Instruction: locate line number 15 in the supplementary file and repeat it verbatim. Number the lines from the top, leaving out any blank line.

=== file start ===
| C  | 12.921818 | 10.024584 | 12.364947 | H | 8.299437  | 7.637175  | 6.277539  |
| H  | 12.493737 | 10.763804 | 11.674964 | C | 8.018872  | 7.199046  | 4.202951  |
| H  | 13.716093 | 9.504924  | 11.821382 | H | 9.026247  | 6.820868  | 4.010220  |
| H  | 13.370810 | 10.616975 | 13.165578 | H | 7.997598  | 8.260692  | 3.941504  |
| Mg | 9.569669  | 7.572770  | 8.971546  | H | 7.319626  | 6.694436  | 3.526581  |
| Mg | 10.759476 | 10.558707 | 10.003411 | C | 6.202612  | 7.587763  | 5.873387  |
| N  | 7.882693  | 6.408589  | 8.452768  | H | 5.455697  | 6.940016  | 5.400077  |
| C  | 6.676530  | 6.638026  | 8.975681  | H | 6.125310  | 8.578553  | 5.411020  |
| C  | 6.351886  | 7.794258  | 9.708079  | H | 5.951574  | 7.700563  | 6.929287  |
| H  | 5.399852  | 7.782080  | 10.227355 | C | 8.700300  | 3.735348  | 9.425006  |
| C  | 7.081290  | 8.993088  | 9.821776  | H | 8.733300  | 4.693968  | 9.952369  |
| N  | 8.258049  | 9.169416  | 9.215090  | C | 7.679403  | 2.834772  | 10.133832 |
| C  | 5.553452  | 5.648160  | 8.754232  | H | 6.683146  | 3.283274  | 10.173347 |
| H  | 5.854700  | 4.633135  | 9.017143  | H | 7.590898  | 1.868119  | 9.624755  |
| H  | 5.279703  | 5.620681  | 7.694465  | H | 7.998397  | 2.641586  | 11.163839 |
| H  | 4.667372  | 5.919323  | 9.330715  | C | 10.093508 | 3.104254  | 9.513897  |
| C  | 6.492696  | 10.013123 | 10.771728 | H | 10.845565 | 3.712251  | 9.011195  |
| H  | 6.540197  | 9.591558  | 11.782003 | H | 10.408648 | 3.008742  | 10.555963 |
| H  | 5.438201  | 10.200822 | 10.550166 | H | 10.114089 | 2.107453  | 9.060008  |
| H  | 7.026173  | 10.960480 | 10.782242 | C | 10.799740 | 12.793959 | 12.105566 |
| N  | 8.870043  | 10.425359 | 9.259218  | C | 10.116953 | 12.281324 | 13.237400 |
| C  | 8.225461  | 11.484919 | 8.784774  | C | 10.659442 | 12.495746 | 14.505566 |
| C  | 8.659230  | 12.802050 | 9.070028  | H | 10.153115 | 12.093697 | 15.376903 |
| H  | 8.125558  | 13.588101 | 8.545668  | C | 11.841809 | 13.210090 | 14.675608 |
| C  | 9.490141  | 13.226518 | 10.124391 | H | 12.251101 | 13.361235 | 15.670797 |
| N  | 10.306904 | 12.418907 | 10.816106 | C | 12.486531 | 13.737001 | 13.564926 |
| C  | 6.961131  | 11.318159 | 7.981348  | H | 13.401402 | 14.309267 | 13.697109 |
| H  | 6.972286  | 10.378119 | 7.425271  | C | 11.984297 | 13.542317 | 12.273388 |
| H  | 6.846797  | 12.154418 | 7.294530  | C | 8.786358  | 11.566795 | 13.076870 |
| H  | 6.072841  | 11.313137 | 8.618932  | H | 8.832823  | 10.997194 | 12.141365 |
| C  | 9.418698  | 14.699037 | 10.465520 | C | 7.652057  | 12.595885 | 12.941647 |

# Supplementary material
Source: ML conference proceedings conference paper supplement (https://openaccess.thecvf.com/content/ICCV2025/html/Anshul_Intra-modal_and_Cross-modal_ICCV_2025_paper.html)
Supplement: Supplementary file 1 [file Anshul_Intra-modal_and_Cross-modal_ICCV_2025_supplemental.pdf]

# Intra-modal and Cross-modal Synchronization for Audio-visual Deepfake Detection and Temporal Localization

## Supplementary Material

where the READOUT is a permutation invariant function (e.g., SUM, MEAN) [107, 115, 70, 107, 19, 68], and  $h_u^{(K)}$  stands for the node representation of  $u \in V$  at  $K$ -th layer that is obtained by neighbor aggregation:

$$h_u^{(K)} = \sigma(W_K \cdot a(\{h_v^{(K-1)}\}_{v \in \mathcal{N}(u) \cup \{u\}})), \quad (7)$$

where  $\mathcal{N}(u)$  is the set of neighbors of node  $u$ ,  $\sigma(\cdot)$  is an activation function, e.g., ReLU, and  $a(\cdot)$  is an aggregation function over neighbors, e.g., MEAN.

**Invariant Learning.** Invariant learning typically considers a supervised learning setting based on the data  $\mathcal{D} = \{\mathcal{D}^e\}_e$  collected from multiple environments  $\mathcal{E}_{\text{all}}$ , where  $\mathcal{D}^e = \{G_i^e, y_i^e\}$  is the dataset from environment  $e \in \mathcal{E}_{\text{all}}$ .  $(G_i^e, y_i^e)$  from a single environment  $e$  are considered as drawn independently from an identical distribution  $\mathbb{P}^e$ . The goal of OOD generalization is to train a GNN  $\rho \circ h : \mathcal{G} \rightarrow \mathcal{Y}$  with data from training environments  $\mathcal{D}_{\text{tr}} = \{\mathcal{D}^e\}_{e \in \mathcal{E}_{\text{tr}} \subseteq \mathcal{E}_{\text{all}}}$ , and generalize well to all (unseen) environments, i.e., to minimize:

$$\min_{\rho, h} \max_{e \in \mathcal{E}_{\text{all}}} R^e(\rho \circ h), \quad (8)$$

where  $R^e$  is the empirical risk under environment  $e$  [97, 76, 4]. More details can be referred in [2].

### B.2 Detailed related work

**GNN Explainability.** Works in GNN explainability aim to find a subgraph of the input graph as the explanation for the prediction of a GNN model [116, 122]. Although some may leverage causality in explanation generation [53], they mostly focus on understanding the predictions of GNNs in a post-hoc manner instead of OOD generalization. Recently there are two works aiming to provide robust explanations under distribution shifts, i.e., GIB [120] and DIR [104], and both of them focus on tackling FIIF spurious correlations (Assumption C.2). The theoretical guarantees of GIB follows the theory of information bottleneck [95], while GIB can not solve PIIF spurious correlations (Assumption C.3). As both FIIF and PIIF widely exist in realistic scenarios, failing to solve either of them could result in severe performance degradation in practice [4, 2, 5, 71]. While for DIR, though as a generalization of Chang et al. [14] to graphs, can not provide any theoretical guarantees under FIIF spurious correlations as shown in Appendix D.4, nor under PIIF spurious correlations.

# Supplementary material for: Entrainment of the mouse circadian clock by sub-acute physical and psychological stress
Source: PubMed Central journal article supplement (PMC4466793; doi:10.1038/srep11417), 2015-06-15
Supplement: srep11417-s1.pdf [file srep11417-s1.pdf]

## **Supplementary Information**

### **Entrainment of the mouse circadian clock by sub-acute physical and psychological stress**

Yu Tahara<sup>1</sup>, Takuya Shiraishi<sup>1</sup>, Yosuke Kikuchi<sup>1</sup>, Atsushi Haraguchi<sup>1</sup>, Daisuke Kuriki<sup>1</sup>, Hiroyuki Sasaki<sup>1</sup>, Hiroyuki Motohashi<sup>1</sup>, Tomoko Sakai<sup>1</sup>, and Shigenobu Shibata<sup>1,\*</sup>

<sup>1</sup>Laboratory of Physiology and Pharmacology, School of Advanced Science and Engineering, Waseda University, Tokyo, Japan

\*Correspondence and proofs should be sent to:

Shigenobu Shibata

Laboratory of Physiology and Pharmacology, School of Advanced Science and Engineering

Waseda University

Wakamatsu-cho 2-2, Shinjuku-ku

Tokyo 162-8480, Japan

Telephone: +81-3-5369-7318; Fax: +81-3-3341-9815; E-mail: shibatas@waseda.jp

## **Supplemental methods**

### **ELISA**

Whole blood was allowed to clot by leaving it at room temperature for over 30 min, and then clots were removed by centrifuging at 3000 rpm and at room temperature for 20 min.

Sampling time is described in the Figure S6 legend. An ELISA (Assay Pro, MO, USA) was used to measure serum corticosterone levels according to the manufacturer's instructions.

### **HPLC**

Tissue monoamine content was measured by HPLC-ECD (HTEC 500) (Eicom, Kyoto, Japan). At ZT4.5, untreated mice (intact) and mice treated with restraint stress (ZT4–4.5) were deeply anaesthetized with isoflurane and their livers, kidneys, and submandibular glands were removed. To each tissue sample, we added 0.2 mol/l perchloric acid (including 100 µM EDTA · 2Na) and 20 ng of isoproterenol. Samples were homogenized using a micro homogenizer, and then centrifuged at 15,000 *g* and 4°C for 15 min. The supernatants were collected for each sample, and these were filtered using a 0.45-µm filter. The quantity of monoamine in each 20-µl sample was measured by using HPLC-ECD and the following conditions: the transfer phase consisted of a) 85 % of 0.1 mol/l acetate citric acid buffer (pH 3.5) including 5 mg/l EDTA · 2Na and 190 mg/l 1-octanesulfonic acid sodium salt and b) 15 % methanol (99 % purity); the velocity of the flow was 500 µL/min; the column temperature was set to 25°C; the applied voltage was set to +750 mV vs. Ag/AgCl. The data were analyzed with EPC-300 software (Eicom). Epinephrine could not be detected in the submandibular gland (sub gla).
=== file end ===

| H  | 5.279703  | 5.620681  | 7.694465  | H | 7.998397  | 2.641586  | 11.163839 |